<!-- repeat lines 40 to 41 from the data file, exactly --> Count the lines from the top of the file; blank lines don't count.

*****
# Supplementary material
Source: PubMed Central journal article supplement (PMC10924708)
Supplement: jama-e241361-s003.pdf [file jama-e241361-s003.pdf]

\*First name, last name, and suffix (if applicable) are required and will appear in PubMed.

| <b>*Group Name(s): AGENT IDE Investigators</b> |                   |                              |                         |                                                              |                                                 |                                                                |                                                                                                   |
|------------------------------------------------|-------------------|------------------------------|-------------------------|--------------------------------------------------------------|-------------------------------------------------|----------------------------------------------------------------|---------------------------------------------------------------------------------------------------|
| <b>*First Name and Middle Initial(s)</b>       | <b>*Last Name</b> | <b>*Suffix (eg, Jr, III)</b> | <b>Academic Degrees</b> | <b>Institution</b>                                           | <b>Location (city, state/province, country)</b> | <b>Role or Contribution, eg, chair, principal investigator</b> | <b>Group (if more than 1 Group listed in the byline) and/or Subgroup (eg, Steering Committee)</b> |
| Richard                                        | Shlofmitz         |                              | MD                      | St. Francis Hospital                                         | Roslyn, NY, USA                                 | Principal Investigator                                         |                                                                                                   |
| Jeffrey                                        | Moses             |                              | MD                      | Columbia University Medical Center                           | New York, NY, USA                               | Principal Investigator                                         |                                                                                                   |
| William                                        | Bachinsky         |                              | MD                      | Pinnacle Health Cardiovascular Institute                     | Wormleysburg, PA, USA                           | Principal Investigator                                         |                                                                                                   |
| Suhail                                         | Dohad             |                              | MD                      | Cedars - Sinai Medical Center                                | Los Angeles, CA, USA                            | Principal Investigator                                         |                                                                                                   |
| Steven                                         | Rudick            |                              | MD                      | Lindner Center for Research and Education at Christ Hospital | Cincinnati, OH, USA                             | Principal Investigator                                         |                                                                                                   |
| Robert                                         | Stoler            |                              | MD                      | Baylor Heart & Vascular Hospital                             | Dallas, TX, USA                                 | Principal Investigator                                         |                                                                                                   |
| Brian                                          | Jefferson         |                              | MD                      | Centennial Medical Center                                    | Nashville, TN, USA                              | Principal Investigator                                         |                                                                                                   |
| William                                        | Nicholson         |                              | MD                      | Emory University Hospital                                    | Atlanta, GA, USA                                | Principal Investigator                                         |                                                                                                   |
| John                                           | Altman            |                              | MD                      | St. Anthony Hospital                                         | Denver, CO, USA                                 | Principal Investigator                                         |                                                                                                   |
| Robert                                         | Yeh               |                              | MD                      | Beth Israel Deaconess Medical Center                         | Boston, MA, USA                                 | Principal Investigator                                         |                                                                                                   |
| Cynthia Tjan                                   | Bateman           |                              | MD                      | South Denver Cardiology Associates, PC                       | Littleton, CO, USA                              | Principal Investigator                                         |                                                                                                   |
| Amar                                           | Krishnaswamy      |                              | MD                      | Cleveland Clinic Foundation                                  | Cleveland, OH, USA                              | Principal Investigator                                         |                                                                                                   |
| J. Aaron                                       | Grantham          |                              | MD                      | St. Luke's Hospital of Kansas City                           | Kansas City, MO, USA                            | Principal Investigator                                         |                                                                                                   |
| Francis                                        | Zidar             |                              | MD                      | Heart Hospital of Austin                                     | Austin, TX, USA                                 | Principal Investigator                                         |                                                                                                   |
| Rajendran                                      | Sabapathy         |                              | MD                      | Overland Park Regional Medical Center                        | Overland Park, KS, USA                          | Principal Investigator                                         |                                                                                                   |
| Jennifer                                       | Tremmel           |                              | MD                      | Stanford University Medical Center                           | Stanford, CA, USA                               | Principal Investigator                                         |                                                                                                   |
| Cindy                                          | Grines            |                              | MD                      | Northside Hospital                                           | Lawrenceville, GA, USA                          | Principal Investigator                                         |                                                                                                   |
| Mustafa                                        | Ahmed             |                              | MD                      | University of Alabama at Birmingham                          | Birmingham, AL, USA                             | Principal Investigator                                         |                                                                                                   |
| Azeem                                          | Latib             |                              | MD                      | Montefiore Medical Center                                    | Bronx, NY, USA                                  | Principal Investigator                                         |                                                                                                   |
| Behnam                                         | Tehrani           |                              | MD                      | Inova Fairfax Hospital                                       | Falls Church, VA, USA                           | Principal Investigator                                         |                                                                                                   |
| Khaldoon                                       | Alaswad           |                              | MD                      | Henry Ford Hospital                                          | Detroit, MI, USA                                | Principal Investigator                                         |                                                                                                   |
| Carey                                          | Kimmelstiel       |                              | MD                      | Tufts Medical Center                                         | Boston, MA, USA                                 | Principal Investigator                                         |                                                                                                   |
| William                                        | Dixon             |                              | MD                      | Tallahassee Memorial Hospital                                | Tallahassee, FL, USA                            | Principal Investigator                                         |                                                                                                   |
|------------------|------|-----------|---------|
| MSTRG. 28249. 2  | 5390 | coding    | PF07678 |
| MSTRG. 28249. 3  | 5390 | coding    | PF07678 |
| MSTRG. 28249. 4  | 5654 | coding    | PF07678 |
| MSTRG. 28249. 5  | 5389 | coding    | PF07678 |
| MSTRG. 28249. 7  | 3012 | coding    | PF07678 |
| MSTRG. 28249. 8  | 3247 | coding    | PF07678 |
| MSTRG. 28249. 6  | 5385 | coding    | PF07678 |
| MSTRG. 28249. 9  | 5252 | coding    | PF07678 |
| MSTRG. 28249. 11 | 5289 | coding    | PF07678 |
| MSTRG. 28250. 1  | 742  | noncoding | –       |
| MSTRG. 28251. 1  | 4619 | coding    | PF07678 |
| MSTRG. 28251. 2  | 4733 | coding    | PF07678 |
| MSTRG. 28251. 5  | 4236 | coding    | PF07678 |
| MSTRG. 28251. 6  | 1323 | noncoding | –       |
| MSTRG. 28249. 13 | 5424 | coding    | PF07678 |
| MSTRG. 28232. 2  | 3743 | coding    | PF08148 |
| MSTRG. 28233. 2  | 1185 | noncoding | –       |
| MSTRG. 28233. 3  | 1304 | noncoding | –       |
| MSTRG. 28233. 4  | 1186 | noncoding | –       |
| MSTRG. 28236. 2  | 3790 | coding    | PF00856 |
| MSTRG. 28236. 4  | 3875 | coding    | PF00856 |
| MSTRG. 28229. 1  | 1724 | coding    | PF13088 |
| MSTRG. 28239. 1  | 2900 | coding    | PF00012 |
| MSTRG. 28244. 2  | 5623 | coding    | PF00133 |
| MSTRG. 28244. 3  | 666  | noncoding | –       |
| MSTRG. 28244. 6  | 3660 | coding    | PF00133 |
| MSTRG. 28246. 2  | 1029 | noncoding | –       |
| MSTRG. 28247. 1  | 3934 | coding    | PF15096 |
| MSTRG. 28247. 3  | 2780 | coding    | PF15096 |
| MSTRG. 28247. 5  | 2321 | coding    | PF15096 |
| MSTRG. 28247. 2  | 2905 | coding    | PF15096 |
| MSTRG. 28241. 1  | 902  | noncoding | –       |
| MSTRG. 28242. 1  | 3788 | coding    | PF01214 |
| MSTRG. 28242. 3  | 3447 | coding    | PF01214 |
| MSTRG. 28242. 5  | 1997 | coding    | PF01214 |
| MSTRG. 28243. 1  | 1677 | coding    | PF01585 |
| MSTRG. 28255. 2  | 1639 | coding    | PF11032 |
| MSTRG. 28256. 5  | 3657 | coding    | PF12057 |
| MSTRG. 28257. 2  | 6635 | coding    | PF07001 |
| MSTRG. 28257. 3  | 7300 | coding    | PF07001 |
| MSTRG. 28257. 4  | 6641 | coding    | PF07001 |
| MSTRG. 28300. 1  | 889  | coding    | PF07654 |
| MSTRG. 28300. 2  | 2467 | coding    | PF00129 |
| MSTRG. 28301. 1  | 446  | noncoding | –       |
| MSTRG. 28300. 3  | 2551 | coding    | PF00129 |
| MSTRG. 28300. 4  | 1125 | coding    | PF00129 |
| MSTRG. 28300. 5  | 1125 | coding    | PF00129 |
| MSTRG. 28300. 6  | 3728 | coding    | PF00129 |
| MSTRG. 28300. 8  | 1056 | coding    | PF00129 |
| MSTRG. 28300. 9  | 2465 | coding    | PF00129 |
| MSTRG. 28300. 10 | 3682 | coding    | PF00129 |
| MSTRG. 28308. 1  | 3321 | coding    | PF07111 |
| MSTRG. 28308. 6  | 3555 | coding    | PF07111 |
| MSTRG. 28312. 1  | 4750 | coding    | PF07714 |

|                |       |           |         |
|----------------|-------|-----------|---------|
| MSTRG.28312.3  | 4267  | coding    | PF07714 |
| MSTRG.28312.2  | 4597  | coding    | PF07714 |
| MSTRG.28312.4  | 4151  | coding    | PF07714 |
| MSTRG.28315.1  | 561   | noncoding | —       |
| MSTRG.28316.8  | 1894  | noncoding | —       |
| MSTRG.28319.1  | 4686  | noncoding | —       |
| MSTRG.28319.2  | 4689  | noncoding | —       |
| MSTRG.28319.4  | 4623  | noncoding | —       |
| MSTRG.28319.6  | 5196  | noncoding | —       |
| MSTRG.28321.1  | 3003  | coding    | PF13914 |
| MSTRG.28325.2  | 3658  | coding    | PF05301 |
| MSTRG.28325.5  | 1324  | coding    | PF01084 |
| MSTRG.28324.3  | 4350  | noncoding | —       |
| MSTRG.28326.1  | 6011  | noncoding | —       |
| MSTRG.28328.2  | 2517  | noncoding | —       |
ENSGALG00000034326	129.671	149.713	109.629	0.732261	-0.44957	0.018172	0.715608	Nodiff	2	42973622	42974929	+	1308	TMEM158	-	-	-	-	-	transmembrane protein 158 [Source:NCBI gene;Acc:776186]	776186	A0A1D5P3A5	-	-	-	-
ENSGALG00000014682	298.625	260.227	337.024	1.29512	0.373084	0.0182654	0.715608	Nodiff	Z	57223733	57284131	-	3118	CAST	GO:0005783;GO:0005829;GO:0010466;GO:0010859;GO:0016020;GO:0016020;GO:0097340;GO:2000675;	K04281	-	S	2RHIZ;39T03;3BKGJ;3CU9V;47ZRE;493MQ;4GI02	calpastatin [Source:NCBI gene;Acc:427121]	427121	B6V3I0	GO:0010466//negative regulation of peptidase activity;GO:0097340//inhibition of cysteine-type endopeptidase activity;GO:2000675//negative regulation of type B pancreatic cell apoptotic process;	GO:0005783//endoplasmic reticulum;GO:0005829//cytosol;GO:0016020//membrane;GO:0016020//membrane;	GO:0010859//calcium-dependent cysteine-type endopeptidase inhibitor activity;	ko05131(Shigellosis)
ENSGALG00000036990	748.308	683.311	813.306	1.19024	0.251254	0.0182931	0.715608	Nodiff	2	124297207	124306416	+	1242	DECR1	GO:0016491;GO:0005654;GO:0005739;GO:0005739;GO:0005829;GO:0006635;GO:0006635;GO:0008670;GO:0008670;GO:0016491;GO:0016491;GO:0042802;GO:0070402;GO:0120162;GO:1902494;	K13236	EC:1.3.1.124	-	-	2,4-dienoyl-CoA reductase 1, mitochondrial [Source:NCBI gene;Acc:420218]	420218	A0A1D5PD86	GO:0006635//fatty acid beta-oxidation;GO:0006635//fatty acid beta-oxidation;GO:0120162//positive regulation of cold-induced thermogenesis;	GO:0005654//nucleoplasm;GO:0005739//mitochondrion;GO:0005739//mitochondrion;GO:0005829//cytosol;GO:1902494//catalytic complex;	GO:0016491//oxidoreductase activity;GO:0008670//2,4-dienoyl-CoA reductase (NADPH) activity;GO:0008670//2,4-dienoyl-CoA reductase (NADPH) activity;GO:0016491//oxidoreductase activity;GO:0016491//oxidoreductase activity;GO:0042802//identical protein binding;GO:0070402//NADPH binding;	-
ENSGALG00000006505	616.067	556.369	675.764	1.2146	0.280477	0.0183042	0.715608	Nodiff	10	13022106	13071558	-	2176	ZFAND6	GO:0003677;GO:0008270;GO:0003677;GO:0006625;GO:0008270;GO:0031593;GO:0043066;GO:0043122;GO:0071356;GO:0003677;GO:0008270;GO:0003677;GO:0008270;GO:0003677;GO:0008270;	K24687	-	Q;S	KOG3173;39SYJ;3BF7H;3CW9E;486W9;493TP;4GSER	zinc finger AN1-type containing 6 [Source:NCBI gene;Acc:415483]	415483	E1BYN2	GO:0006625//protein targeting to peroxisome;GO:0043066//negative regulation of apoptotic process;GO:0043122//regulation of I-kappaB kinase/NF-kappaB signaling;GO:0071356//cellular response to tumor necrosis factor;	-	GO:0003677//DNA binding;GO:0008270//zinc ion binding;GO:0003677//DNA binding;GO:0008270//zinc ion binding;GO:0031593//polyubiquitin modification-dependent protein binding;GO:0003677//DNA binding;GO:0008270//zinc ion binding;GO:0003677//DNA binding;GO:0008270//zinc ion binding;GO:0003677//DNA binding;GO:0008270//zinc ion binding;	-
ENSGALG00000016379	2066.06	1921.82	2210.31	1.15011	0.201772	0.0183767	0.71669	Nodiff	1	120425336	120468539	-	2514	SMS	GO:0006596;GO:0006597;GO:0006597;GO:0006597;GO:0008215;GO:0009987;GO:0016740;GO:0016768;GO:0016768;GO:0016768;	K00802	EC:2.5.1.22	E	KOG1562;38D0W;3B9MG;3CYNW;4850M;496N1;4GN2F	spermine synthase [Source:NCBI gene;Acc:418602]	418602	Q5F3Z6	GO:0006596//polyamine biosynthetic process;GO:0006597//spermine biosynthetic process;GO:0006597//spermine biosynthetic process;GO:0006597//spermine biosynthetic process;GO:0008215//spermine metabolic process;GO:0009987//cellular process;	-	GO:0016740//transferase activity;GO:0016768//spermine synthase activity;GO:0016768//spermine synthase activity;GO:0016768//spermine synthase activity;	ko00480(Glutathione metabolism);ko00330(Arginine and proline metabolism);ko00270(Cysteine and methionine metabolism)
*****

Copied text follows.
| MSTRG. 28249. 11 | 5289 | coding    | PF07678 |
| MSTRG. 28250. 1  | 742  | noncoding | –       |